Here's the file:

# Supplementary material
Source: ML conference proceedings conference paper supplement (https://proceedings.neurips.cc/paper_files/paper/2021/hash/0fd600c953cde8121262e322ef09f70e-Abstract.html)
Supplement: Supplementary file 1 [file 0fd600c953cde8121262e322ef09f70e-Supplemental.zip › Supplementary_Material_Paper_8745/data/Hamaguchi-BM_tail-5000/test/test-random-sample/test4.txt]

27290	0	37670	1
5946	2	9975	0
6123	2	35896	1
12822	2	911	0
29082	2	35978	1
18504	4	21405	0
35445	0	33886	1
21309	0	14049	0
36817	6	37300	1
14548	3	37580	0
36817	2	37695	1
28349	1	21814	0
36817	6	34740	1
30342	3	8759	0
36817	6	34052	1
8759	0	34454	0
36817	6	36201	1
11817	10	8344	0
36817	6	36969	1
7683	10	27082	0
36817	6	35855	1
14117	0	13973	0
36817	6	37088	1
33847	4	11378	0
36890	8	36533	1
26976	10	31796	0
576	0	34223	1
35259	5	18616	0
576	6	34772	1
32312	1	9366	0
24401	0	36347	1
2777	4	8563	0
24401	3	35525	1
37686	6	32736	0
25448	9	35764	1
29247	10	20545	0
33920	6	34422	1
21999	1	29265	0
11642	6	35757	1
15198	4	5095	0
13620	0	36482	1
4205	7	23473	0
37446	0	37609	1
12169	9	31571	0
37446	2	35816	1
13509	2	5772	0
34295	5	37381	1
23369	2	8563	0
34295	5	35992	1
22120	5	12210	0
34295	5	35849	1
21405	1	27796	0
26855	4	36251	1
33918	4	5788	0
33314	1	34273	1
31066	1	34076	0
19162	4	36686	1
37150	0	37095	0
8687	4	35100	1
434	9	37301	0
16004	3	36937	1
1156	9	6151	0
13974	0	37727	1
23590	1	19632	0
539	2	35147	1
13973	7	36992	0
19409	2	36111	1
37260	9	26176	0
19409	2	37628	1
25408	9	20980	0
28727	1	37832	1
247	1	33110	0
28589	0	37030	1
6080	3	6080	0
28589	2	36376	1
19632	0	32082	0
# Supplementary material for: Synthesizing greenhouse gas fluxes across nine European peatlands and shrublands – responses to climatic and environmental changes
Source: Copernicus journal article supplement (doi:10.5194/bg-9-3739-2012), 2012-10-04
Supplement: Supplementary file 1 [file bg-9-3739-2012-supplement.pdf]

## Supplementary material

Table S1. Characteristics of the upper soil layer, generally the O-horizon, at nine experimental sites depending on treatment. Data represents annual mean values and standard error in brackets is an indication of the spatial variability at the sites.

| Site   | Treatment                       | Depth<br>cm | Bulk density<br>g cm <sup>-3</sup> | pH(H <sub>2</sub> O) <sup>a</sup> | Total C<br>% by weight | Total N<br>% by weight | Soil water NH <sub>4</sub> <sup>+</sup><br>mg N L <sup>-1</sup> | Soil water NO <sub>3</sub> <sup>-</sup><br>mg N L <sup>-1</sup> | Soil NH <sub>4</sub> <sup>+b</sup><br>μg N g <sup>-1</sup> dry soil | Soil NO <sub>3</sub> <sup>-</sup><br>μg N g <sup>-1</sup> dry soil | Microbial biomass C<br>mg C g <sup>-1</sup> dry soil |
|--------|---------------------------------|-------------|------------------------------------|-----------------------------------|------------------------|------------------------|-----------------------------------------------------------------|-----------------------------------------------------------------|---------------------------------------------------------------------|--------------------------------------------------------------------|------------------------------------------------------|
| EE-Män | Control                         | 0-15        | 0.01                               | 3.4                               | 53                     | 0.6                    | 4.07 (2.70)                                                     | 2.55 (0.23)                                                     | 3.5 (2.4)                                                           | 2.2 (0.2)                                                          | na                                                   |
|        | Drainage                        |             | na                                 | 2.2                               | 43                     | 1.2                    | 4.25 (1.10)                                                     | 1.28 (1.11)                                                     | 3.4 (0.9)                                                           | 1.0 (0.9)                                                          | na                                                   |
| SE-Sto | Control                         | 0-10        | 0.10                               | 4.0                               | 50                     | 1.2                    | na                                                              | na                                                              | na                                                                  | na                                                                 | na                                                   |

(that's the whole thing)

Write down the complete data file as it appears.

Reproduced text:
# Supplementary material
Source: ML conference proceedings conference paper supplement (https://proceedings.neurips.cc/paper_files/paper/2021/hash/0fd600c953cde8121262e322ef09f70e-Abstract.html)
Supplement: Supplementary file 1 [file 0fd600c953cde8121262e322ef09f70e-Supplemental.zip › Supplementary_Material_Paper_8745/data/Hamaguchi-BM_tail-5000/test/test-random-sample/test4.txt]

27290	0	37670	1
5946	2	9975	0
6123	2	35896	1
12822	2	911	0
29082	2	35978	1
18504	4	21405	0
35445	0	33886	1
21309	0	14049	0
36817	6	37300	1
14548	3	37580	0
36817	2	37695	1
28349	1	21814	0
36817	6	34740	1
30342	3	8759	0
36817	6	34052	1
8759	0	34454	0
36817	6	36201	1
11817	10	8344	0
36817	6	36969	1
7683	10	27082	0
36817	6	35855	1
14117	0	13973	0
36817	6	37088	1
33847	4	11378	0
36890	8	36533	1
26976	10	31796	0
576	0	34223	1
35259	5	18616	0
576	6	34772	1
32312	1	9366	0
24401	0	36347	1
2777	4	8563	0
24401	3	35525	1
37686	6	32736	0
25448	9	35764	1
29247	10	20545	0
33920	6	34422	1
21999	1	29265	0
11642	6	35757	1
15198	4	5095	0
13620	0	36482	1
4205	7	23473	0
37446	0	37609	1
12169	9	31571	0
37446	2	35816	1
13509	2	5772	0
34295	5	37381	1
23369	2	8563	0
34295	5	35992	1
22120	5	12210	0
34295	5	35849	1
21405	1	27796	0
26855	4	36251	1
33918	4	5788	0
33314	1	34273	1
31066	1	34076	0
19162	4	36686	1
37150	0	37095	0
8687	4	35100	1
434	9	37301	0
16004	3	36937	1
1156	9	6151	0
13974	0	37727	1
23590	1	19632	0
539	2	35147	1
13973	7	36992	0
19409	2	36111	1
37260	9	26176	0
19409	2	37628	1
25408	9	20980	0
28727	1	37832	1
247	1	33110	0
28589	0	37030	1
6080	3	6080	0
28589	2	36376	1
19632	0	32082	0
# Supplementary material for: Synthesizing greenhouse gas fluxes across nine European peatlands and shrublands – responses to climatic and environmental changes
Source: Copernicus journal article supplement (doi:10.5194/bg-9-3739-2012), 2012-10-04
Supplement: Supplementary file 1 [file bg-9-3739-2012-supplement.pdf]

## Supplementary material

Table S1. Characteristics of the upper soil layer, generally the O-horizon, at nine experimental sites depending on treatment. Data represents annual mean values and standard error in brackets is an indication of the spatial variability at the sites.

| Site   | Treatment                       | Depth<br>cm | Bulk density<br>g cm <sup>-3</sup> | pH(H <sub>2</sub> O) <sup>a</sup> | Total C<br>% by weight | Total N<br>% by weight | Soil water NH <sub>4</sub> <sup>+</sup><br>mg N L <sup>-1</sup> | Soil water NO <sub>3</sub> <sup>-</sup><br>mg N L <sup>-1</sup> | Soil NH <sub>4</sub> <sup>+b</sup><br>μg N g <sup>-1</sup> dry soil | Soil NO <sub>3</sub> <sup>-</sup><br>μg N g <sup>-1</sup> dry soil | Microbial biomass C<br>mg C g <sup>-1</sup> dry soil |
|--------|---------------------------------|-------------|------------------------------------|-----------------------------------|------------------------|------------------------|-----------------------------------------------------------------|-----------------------------------------------------------------|---------------------------------------------------------------------|--------------------------------------------------------------------|------------------------------------------------------|
| EE-Män | Control                         | 0-15        | 0.01                               | 3.4                               | 53                     | 0.6                    | 4.07 (2.70)                                                     | 2.55 (0.23)                                                     | 3.5 (2.4)                                                           | 2.2 (0.2)                                                          | na                                                   |
|        | Drainage                        |             | na                                 | 2.2                               | 43                     | 1.2                    | 4.25 (1.10)                                                     | 1.28 (1.11)                                                     | 3.4 (0.9)                                                           | 1.0 (0.9)                                                          | na                                                   |
| SE-Sto | Control                         | 0-10        | 0.10                               | 4.0                               | 50                     | 1.2                    | na                                                              | na                                                              | na                                                                  | na                                                                 | na                                                   |